Do you review beers? If so, you might fit into a stereotype. Billy Broas, who blogs at BillyBrew, has compiled a list of ten different types of reviews that he’s run across on the Web.
If you’re headed to Canada’s largest city, the staff of Toronto Life magazine has some tips. They’ve chosen the city’s best bars to have a pint (or three). The establishments range from a locovore’s paradise to an authentic Irish pub.
Finally, Monday is President’s Day. Jay Brooks calls our attention to beer and the presidency, from George Washington’s insistence on American-brewed porter to Barack Obama’s homebrewing.
On this day in 1918, the Allied nations and Germany agreed to an armistice that effectively ended World War I. November 11, originally known as Armistice Day, became a legal holiday in the U.S. in 1938. It was renamed Veterans Day in 1954. A good reason to buy a veteran a beer as a thank-you for serving our country.
And now…The Mash!
We begin in Toronto, where Black Creek Historic Brewery’s One Mile Beer was pronounced a success. It was brewed using technology from the mid-19th century when there was no electricity, refrigeration, stainless tanks, or bottling plants.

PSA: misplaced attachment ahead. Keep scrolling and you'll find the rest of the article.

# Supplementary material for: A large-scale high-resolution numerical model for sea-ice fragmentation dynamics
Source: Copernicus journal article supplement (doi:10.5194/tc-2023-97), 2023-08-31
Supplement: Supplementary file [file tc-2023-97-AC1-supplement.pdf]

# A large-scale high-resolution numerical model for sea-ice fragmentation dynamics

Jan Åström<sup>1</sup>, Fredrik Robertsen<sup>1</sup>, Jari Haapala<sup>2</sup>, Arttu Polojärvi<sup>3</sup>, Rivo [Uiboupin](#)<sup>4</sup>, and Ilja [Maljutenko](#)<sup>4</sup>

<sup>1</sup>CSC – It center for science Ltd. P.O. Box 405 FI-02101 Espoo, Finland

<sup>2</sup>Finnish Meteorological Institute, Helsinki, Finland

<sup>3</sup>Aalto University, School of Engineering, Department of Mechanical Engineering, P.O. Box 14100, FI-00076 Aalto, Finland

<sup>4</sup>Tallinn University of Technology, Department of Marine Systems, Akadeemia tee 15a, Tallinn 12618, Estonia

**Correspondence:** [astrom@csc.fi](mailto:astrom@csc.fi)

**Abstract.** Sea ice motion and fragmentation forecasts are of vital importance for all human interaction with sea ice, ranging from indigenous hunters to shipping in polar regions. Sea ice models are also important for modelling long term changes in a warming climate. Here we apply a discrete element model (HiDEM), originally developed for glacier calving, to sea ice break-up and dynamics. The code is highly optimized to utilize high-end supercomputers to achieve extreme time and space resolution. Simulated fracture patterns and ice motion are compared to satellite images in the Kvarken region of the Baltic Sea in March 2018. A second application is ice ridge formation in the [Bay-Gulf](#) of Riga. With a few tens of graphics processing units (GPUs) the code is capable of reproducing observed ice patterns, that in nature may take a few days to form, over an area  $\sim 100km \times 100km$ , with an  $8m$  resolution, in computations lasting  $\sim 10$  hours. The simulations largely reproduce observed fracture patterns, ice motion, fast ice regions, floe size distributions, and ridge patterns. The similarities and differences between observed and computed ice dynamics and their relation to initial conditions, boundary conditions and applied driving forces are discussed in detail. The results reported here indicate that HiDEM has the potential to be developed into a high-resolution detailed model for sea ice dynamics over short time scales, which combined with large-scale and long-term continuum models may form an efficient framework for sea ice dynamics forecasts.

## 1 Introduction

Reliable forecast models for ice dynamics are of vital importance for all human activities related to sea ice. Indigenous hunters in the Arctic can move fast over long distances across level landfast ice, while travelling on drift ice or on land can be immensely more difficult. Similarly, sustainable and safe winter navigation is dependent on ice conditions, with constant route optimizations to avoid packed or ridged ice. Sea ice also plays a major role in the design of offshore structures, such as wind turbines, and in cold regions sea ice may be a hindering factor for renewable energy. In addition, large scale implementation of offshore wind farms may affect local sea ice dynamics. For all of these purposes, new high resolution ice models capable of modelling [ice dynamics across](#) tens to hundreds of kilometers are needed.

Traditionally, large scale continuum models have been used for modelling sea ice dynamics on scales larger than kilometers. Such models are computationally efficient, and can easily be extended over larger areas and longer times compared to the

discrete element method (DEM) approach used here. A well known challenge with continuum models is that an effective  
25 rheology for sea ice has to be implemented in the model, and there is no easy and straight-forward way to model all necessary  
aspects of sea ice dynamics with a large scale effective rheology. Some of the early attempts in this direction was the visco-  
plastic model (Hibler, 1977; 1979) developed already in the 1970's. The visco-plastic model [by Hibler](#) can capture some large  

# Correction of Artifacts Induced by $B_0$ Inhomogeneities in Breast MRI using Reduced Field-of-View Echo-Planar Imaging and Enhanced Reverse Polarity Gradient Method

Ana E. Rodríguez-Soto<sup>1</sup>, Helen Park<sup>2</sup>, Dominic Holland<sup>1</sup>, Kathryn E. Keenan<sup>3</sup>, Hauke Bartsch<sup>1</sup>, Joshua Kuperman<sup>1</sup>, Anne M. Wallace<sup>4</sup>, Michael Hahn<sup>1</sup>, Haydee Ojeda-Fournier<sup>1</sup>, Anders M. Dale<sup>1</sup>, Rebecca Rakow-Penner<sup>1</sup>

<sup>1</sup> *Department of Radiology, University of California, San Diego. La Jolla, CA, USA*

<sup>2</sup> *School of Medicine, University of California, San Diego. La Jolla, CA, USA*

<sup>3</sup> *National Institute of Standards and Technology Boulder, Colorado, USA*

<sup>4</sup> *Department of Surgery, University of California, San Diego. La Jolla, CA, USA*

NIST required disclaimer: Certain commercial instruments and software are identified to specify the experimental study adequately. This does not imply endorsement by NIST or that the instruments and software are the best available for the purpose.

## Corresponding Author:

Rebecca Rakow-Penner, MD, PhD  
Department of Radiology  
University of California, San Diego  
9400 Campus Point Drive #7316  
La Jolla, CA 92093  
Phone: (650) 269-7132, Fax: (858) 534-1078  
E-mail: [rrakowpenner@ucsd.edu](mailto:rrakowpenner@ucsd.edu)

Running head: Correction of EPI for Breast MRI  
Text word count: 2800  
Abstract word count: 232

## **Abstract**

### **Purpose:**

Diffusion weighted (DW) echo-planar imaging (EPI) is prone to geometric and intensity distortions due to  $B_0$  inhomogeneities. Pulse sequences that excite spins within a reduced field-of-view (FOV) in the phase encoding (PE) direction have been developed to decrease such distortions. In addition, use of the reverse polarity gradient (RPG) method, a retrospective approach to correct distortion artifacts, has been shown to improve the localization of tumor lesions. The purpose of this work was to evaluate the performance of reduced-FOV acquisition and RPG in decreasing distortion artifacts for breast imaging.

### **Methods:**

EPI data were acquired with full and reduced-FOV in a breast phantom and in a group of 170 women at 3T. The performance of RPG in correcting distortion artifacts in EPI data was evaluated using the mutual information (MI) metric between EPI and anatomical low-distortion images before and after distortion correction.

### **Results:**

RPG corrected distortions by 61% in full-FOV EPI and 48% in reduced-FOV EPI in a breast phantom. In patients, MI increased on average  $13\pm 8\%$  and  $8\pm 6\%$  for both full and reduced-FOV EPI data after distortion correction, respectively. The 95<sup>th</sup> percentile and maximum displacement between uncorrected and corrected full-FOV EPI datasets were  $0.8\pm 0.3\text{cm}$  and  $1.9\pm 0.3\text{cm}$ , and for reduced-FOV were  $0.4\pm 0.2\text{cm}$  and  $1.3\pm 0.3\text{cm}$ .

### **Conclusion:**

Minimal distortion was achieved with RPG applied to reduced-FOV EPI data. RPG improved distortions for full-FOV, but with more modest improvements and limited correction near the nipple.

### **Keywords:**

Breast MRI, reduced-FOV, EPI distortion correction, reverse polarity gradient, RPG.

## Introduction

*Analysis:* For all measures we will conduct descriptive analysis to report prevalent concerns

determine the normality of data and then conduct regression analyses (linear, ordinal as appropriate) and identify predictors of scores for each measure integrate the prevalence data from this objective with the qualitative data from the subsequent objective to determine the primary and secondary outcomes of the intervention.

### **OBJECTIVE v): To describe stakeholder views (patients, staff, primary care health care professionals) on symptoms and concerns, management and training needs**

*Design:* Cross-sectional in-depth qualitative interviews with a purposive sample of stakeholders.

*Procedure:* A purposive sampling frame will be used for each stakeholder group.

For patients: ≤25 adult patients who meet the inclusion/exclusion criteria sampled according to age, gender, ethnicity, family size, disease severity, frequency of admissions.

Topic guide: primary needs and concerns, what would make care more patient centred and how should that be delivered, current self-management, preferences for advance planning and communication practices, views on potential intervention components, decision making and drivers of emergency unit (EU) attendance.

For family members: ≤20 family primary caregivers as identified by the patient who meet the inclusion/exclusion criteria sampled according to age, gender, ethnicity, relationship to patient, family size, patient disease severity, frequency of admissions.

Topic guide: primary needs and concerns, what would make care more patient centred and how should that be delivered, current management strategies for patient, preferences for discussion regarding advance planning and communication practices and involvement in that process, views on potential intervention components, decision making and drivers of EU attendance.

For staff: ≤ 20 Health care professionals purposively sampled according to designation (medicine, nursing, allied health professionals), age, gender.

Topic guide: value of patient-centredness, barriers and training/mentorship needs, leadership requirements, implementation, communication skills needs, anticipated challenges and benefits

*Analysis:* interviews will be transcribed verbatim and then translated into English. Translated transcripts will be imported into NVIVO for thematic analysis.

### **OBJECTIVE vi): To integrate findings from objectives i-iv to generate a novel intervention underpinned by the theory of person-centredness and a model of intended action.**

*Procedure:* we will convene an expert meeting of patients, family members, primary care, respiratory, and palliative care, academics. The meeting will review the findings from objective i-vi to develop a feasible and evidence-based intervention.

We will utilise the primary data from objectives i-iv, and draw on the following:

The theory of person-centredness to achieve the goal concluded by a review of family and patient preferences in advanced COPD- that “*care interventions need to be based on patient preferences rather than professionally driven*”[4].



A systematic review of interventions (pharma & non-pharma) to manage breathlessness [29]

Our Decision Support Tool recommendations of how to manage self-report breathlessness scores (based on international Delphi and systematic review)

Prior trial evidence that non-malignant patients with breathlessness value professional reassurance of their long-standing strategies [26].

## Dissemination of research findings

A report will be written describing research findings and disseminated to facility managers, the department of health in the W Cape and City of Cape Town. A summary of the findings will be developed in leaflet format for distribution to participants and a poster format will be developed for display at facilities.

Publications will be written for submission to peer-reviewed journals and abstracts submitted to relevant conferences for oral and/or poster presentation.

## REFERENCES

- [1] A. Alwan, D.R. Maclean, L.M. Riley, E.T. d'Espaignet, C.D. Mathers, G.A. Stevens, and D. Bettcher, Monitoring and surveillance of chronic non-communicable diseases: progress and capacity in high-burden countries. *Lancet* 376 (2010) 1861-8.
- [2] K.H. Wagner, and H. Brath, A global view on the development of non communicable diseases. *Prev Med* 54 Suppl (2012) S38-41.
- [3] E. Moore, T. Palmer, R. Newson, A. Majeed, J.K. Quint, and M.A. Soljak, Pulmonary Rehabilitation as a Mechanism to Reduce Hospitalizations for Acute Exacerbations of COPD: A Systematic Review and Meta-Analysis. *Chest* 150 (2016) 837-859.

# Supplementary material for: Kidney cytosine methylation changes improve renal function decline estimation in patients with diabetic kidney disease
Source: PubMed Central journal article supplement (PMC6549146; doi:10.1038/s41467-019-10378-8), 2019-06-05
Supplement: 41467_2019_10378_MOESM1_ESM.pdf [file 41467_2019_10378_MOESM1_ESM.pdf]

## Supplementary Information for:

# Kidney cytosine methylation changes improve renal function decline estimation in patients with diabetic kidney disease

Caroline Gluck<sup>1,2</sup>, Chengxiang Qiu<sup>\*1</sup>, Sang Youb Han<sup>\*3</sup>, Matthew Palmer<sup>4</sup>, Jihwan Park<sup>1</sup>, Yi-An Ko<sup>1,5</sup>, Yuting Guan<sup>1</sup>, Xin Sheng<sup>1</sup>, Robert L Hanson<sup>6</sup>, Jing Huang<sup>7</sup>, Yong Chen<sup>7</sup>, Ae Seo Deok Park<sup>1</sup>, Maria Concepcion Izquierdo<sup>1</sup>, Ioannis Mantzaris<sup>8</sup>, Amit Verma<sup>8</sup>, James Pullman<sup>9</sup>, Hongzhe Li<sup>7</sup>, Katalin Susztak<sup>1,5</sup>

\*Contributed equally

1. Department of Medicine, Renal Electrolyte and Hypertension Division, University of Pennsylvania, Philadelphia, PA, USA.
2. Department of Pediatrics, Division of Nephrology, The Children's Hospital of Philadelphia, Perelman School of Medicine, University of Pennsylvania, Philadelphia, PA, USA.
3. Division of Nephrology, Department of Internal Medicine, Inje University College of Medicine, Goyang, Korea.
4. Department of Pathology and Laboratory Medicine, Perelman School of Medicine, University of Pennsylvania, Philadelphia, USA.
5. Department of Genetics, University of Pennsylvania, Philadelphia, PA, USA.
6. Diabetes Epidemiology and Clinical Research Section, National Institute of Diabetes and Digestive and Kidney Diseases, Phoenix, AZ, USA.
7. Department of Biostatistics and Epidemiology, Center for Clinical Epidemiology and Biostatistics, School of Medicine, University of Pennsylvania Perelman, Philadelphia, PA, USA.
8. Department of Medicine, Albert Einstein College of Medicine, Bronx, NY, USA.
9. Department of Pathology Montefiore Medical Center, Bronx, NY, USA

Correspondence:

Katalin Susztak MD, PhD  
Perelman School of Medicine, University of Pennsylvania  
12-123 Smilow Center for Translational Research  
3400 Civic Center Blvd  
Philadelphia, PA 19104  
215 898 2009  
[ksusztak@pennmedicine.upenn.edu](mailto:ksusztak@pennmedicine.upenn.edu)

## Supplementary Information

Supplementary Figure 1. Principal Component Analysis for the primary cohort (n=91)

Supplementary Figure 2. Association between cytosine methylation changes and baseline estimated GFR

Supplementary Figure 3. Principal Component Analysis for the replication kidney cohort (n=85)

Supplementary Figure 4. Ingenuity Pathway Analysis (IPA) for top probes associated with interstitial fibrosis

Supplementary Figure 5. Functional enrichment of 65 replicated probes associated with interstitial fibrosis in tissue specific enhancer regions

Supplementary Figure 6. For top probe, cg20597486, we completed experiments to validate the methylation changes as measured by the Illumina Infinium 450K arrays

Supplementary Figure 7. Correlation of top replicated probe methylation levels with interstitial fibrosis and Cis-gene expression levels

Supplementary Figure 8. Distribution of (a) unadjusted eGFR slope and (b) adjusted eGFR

Have you heard of the other St. Louis brewery with Busch in its name? It’s called the William K. Busch Brewing Company, and its eponymous founder is the great-grandson of Adolphus Busch.
Is that special guy on your Christmas list a beer lover and a bibliophile? Evan Benn can help you. His column in Esquire magazine names the new beer bibles every man should read.
Don’t cry in your beer, Argentina. The tap list at a Peronist restaurant in Buenos Aires–yes, there really is one–includes “Evita”, “17 de Octubre”, “Montoneros” and “Doble K,” the latter honoring the husband and wife who each served as Argentina’s president.
Growlers. Ludwig’s staff, Maryanne and Paul, love them. In fact, they literally wore one out. So they were surprised to learn that Garrett Oliver hates growlers.
Sante! Men’s Health magazine assembled a slideshow of America’s best new canned beers. Fun fact: Indianapolis owns the distinction of having two of its breweries’ products on the list.
Finally, Honda’s upgrade to Asimo, its stair-climbing robot, enables it to recognize faces and voices, and even pour drinks. Since Honda also makes cars, we hope Asimo can recognize people who’ve had too many–and take away their keys.